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Press Release | December 14, 2021

FDIC Chair Uses Circular Logic And Revolving Doors To Retain Unlawful Power

Ethics in GovernmentFinancial RegulationIndependent AgenciesRevolving Door
FDIC Chair Uses Circular Logic And Revolving Doors To Retain Unlawful Power

 Max Moran, [email protected]

At the open session of the Federal Deposit Insurance Corporation’s meeting this morning, Directors Rohit Chopra and Martin Gruenberg attempted to insert their lawful vote to open a request for information (RFI) on possible updates to merger review rules into the official record. FDIC Chairman Jelena McWilliams declared this motion out of order, citing a decision made by the FDIC’s legal division.

The legal division’s general counsel is Nicholas Podsiadly, who until April 2019 was a lobbyist for Fifth Third Bancorp, according to his own biography with the Practising Law Institute. Until 2018, McWilliams was the Chief Legal Officer at Fifth Third. Onlookers can reasonably assume that McWilliams brought Podsiadly into the FDIC due to their prior work history, and that his first loyalty lies with her, not with the independent governance of the FDIC.

This morning, Director Chopra issued a lengthy statement indicating numerous interventions by the FDIC Legal Division in the course of the tumult over the RFI. According to Chopra, during his orientation, he was informed that the FDIC General Counsel — that is, Podsiadly — believed that “board members may not raise matters for discussion during board meetings, and that only the Chairperson has that right.” Moreover, again according to Chopra, “the General Counsel has taken the perplexing view that those board members cannot guarantee that any topics will actually be discussed.”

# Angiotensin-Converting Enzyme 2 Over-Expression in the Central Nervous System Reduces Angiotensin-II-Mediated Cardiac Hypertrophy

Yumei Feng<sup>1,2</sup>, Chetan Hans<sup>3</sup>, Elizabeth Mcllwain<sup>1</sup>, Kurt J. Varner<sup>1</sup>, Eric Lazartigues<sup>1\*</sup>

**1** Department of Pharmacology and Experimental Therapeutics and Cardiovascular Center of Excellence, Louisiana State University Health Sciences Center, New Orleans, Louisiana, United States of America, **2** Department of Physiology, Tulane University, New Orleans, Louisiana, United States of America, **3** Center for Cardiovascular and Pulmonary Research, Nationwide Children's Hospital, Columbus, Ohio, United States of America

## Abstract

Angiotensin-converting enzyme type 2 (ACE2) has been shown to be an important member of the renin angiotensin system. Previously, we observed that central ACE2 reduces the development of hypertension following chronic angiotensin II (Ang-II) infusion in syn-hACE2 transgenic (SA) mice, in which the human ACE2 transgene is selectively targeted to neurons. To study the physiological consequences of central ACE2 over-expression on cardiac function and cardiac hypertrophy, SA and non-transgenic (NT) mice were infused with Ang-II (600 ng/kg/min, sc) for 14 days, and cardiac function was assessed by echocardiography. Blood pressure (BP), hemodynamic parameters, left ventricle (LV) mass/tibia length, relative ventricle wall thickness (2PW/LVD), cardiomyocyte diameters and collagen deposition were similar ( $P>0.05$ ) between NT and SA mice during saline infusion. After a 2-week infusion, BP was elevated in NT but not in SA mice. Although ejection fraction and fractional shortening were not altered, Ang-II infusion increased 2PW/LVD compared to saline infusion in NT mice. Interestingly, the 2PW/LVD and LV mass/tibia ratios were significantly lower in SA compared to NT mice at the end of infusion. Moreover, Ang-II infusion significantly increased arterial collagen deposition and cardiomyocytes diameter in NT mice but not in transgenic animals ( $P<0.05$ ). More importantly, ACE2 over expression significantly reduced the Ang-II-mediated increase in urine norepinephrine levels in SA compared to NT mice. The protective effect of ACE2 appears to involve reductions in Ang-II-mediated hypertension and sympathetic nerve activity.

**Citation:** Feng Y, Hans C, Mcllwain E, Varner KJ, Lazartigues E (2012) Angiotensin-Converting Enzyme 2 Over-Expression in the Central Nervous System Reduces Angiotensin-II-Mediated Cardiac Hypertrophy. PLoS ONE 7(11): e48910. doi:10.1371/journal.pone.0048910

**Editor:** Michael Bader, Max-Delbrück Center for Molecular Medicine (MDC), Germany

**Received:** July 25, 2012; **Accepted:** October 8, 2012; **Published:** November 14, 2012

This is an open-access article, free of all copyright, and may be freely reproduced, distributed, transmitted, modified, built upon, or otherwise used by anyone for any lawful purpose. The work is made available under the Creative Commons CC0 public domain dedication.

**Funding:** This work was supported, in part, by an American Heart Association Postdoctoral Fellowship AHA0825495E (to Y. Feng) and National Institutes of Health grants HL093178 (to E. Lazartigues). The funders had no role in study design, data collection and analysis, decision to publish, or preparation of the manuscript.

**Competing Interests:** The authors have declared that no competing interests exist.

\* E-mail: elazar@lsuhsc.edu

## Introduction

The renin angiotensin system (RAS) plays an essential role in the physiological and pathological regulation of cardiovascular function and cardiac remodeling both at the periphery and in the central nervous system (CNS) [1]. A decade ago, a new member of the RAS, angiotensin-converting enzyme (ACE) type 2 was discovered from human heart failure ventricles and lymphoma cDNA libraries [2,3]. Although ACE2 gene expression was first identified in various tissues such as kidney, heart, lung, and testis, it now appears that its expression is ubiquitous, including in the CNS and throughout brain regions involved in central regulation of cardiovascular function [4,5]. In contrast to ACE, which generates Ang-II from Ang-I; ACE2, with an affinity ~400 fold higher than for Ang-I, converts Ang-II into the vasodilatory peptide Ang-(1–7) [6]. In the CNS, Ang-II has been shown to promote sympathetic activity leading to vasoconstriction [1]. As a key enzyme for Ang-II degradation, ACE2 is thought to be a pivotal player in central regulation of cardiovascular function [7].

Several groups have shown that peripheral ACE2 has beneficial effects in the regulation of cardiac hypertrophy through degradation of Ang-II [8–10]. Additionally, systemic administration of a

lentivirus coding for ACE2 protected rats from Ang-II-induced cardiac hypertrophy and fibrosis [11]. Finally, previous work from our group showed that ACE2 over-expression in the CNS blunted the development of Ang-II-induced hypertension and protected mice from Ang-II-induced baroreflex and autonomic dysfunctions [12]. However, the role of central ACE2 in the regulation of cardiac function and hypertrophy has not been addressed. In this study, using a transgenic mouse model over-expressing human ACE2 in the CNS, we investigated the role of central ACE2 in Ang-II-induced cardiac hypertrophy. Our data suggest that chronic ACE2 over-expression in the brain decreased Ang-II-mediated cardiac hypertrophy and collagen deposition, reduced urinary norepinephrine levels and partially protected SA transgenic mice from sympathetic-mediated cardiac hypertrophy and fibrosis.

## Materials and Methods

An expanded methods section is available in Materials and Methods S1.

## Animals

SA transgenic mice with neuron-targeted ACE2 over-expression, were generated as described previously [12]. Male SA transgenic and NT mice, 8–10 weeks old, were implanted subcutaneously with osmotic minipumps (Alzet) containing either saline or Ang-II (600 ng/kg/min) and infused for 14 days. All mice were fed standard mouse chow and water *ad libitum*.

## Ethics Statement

In other words, a former lobbyist working on behalf of McWilliams has now decided singlehandedly that McWilliams wields effective veto power over any proposal before the FDIC Board. As Chopra notes, this is unlawful: “the governing documents of the Corporation do authorize the Board to conduct business through written or ‘notational’ voting. Importantly, notational voting allows any member to direct any matter circulated for a vote to a board meeting, rather than finalizing it in writing.”

The following statement can be attributed to Jeff Hauser, Executive Director of the Revolving Door Project:

“Wall Street is using the revolving door to try to prevent basic law from being enforced. If the FDIC general counsel is loyal primarily to McWilliams, then his opinion can’t be taken as independent in this matter. This all started over an effort to finally bring the FDIC into compliance with the Dodd-Frank Act, which mandated the agency consider financial stability when weighing bank mergers. It isn’t surprising that a longtime cheerleader for bank consolidation like McWilliams is mounting a desperate effort to prevent this. But if she is allowed to get away with it, a dangerous new precedent will have been set, all but explicitly stating that democracy takes a back seat to the whims of Wall Street in our regulatory system.”

The day after she approved the merger between BB&T and SunTrust banks, creating the sixth-largest bank in the United States in the largest bank merger since the financial crisis, McWilliams personally congratulated the two banks’ CEOs and joked with them at a conference sponsored by a banking industry trade group. See video of the conference here.


PHOTO CREDIT: “Functions and Firms” by University of Michigan’s Ford School is licensed under CC BY-ND 2.0

Ethics in GovernmentFinancial RegulationIndependent AgenciesRevolving Door

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